Germany rejected calls from allies and investors to do more to counter market turmoil as Spain’s financing costs surged and pressure mounted on Greek political leaders to submit written commitments to austerity measures.
Bond yields in France, Spain and Italy climbed as the absence of progress toward enacting a month-old comprehensive crisis-fighting package and a dispute over the central bank’s role rattled investors. Spanish three-month bills were auctioned today at higher yields than Greece and Portugal.
“We don’t have any new bazooka to pull out of the bag,” Michael Meister, finance spokesman for Chancellor Angela Merkel’s Christian Democratic bloc, said in Berlin today. “We see no alternative to the policy we are following,” which sees debt cuts and keeping the European Central Bank from becoming a lender of last resort, he said in an interview.
Germany is signaling resistance to stepping up Europe’s response as the debt crisis that began more than two years ago in Greece threatens France, after snaring Ireland, Portugal, Italy and Spain. While the extra yield investors demand to lend to AAA-rated France reached 200 basis points more than Germany on Nov. 17, the highest risk premium since 1990, Meister said current policies will work if given enough time.
“We need to tell markets very clearly -- and this must be done soon -- that there is no other way forward than the one we’re pursuing,” Meister said. Policy makers “must sit tight through the turbulence.”
The additional yield sought by investors for holding 10- year French bonds instead of benchmark German bunds widened 8 basis points to 162 basis points at 2:25 p.m. in Frankfurt. The euro rose 0.3 percent to $1.3526.
In Spain, the newly elected People’s Party called for a European agreement to “save” the nation’s debt, saying the country can’t afford 7 percent interest rates.
Spain sold three-month bills at an average yield of 5.11 percent, more than twice the rate at the previous auction a month ago, and above the 4.63 percent for 13-week bills sold Nov. 15 by Greece, which received a bailout last year. Portugal paid 4.895 percent on three-month bills the following day.
Maria Dolores de Cospedal, the deputy leader of Spain’s People’s Party which ousted the ruling Socialists on Nov. 20, yesterday called for a euro-region accord to “save and guarantee the solvency” of Spain’s 650 billion-euro ($881 billion) debt. Spain can’t afford to “continue financing itself at 7 percent,” she said, referring to the yield on 10-year debt that led Greece, Portugal and Ireland to seek EU aid.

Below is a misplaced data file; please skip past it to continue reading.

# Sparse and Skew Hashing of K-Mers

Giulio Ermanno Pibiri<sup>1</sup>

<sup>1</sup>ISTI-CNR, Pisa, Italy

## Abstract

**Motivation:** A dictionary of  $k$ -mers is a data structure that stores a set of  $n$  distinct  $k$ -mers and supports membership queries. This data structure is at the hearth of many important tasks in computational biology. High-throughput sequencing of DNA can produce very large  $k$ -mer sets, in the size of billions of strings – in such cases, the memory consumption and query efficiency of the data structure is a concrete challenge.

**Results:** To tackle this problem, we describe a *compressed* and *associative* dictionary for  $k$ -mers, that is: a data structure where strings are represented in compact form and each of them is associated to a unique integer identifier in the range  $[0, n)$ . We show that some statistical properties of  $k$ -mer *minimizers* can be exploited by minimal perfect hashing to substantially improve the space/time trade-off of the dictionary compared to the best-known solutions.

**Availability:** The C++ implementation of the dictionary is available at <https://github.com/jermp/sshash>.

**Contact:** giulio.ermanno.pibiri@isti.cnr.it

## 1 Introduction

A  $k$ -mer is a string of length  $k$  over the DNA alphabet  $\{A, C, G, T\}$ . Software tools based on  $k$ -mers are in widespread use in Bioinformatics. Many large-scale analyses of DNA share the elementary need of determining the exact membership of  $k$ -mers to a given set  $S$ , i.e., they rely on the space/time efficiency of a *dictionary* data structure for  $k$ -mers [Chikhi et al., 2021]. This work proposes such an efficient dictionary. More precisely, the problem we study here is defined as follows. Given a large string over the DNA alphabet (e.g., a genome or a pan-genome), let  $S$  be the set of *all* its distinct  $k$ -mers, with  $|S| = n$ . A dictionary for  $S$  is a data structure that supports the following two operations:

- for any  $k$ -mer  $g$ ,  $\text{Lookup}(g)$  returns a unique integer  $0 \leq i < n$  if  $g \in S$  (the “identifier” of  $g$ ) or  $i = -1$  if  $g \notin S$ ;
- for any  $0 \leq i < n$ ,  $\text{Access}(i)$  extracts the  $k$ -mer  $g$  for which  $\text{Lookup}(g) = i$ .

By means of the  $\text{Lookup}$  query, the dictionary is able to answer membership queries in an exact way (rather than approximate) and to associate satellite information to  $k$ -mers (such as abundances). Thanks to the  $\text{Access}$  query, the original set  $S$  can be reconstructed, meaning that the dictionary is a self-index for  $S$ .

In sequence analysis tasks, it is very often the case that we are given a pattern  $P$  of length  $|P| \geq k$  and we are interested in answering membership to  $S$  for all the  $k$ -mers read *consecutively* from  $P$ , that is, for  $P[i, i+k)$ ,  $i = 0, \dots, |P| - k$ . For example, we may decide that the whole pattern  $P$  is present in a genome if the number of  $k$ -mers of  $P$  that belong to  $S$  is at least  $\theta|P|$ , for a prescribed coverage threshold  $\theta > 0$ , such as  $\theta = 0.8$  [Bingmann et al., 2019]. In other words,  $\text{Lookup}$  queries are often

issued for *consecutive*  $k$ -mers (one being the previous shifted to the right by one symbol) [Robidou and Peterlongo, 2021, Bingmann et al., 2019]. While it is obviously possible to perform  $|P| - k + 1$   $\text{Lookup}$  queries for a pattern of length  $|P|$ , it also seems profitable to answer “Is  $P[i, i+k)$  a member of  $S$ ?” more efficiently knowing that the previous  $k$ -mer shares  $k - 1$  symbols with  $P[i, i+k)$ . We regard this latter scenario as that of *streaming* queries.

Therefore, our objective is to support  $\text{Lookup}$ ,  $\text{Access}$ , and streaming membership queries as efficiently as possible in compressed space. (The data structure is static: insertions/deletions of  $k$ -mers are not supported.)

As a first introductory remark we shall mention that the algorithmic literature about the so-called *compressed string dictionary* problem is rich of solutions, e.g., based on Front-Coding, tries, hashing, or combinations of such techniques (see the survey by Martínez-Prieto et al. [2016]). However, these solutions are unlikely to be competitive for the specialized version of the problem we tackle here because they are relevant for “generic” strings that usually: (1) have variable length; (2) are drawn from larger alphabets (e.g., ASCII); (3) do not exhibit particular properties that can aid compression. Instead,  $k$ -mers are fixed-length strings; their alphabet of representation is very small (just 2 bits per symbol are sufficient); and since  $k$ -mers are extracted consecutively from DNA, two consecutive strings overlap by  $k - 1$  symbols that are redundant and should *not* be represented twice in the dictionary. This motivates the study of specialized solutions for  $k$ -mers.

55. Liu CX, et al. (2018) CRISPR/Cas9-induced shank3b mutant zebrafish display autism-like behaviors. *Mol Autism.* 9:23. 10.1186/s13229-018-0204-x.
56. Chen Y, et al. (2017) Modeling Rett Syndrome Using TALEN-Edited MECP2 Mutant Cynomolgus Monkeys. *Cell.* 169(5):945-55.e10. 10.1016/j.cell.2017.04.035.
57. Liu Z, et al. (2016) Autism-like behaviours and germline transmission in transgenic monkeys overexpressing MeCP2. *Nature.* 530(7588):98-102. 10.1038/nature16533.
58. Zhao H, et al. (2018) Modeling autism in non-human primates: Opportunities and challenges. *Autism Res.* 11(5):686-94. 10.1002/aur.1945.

Luxembourg’s Jean-Claude Juncker, who leads the group of euro-area finance ministers, increased pressure on Antonis Samaras, head of Greece’s New Democracy party, to drop his refusal to pledge written support for Greek budget cuts.
Juncker, who met Greek Prime Minister Lucas Papademos today, said Samaras’ objection risked derailing the aid payment Greece needs to keep paying its bills.
“Would there be no cross-party agreement, the next disbursement would not take place,” Juncker said.
Samaras says he has told officials from the EU, the International Monetary Fund and the European Central Bank that he has already taken five actions that show his full commitment to the austerity program.
An all-night summit of European leaders in October failed to end the turmoil after producing a pledge to write down Greece’s debt, recapitalize banks and strengthen the region’s rescue fund.
Underscoring discord among policy makers, ECB chief Mario Draghi criticized governments on Nov. 18 for failing to implement “long-standing decisions” to stem the crisis.
Merkel, who is calling for stronger enforcement of debt and deficit rules underpinning the euro, signaled to Christian Democratic lawmakers at a closed caucus meeting late yesterday that she won’t bend in her refusal to back joint euro-area bonds and waver from last month’s agreement, according to Volker Kauder, the bloc’s floor leader.
“If markets think that the euro is about to break up, they’re wrong,” Meister said. “We must tell markets that we are ready to defend the currency, that it has a great future and will become the strongest currency in the world.”
Global partners including the U.S. are urging European governments to stamp out the crisis that’s threatening to pull the 17-nation currency union apart, weighing on stocks and threatening to tip the world back into recession.
Euro-area leaders must reach “a momentous deal” toward fiscal and political union by mid-January to save the currency bloc, Credit Suisse said yesterday in a note to investors. “In short, the fate of the euro is about to be decided.”